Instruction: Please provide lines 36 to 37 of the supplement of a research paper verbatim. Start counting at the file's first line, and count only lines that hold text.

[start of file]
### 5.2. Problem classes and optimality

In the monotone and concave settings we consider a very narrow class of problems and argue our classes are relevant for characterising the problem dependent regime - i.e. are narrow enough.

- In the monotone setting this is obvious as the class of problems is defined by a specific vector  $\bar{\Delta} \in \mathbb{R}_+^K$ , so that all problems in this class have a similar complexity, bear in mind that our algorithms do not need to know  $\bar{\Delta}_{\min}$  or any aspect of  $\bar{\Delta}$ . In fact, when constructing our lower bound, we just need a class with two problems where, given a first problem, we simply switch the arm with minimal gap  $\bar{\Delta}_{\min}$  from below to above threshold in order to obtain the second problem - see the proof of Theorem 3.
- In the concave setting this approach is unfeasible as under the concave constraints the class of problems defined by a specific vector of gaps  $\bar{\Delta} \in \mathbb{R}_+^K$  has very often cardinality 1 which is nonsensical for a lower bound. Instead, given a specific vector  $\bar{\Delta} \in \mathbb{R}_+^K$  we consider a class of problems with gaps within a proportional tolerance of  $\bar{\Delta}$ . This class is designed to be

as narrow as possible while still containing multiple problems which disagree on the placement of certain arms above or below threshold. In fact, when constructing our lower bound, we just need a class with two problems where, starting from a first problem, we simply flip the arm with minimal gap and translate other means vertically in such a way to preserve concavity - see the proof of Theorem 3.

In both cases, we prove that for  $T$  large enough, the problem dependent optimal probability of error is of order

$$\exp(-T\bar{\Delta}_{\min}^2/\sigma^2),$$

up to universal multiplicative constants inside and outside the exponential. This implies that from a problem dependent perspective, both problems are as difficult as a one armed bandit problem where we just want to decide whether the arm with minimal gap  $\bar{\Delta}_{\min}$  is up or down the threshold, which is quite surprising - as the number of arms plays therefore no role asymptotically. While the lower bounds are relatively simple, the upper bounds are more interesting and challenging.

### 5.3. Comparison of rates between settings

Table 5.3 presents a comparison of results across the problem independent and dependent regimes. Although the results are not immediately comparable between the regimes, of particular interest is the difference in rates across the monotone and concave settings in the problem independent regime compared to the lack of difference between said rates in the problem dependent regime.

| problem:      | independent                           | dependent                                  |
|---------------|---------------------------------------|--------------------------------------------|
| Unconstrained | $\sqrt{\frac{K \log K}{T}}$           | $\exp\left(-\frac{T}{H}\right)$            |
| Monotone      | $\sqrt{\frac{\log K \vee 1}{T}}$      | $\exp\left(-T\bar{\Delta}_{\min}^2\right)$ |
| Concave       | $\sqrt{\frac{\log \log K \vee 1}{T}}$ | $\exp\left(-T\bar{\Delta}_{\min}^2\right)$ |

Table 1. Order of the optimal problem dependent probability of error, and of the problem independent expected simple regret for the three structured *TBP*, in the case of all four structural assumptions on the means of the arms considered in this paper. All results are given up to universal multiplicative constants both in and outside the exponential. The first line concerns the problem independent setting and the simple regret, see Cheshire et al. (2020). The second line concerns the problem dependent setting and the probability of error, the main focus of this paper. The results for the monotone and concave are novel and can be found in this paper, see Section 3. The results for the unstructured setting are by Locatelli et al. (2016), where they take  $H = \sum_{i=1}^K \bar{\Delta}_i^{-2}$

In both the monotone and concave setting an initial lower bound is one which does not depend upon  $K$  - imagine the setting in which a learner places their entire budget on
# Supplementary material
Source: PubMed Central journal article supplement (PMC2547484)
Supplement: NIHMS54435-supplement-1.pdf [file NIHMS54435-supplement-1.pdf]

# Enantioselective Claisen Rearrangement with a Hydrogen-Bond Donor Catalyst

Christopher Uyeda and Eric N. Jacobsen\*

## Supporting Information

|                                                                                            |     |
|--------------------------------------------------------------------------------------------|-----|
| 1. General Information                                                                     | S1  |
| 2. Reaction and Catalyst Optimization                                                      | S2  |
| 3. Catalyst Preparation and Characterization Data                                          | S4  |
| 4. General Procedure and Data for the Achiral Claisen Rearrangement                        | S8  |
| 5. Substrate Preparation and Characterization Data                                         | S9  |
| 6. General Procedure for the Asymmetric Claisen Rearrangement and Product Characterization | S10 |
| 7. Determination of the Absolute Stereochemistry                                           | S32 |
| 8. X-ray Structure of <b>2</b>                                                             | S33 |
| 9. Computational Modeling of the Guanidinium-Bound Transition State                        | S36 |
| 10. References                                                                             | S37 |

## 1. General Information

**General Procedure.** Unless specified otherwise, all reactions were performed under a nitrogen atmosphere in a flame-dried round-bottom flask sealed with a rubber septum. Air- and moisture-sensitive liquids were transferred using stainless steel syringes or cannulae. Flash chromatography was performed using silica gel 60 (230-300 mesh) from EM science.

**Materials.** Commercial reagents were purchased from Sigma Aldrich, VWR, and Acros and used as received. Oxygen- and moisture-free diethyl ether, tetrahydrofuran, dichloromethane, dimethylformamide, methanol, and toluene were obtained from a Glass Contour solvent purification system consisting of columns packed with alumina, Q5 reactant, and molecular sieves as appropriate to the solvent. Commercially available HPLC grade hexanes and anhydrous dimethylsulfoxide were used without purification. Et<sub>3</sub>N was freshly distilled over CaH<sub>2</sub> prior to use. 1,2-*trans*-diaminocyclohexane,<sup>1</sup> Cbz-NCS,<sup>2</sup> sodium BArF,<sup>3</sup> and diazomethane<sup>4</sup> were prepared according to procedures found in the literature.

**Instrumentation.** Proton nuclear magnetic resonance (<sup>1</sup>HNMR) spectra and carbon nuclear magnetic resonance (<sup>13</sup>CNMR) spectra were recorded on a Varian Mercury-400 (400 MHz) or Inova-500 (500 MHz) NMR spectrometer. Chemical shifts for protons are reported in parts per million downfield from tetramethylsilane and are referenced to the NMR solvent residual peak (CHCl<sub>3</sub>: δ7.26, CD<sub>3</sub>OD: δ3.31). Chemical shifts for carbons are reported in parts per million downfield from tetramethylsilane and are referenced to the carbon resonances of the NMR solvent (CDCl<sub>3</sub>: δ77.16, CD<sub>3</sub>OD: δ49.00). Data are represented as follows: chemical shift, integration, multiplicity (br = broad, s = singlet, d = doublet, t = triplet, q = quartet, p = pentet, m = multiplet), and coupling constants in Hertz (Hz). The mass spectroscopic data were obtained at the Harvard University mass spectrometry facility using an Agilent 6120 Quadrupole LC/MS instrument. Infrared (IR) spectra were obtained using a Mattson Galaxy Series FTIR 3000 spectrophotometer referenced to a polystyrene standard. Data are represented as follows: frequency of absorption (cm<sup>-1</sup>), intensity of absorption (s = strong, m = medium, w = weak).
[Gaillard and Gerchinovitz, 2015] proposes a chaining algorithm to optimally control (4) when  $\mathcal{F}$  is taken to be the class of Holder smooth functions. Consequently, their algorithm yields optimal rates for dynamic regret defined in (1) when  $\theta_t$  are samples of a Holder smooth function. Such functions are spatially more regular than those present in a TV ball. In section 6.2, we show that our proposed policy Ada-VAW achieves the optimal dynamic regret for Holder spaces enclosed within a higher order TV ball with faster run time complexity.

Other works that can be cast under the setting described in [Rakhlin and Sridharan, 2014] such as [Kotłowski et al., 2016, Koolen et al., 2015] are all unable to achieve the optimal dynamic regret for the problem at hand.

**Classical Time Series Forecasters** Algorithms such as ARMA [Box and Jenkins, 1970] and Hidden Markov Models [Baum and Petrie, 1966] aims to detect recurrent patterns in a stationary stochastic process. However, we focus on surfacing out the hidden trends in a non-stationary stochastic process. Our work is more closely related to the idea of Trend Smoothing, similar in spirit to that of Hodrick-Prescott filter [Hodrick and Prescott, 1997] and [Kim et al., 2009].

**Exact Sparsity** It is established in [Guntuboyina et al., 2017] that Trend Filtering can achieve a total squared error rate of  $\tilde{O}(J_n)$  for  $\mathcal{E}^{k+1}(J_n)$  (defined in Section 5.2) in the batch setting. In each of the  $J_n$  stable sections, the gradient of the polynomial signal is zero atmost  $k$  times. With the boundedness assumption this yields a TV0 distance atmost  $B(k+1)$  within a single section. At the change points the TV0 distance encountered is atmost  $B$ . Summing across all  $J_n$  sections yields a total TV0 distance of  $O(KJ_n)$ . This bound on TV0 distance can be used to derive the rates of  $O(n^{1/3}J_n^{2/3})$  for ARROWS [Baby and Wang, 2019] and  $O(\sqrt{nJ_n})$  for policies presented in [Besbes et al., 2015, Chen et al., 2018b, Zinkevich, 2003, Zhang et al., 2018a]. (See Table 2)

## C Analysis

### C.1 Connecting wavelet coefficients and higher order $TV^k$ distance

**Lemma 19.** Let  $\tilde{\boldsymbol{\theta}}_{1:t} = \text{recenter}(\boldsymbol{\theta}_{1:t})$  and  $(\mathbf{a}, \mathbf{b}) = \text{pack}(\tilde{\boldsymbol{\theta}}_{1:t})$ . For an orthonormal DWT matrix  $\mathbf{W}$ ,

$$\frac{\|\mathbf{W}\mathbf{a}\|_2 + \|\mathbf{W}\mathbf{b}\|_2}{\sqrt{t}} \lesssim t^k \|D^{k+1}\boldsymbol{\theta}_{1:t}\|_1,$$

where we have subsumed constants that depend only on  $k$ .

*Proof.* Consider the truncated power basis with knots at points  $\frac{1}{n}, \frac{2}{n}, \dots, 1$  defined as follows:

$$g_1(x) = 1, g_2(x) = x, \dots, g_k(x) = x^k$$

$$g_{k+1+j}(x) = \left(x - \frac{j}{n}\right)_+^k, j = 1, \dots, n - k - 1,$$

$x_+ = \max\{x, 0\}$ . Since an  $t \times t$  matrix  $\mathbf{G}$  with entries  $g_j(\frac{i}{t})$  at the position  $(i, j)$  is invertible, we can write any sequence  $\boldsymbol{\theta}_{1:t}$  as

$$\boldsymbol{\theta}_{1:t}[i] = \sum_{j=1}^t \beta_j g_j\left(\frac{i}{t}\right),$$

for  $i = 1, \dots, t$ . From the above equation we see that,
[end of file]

## 1. General Information

**General Procedure.** Unless specified otherwise, all reactions were performed under a nitrogen atmosphere in a flame-dried round-bottom flask sealed with a rubber septum. Air- and moisture-sensitive liquids were transferred using stainless steel syringes or cannulae. Flash chromatography was performed using silica gel 60 (230-300 mesh) from EM science.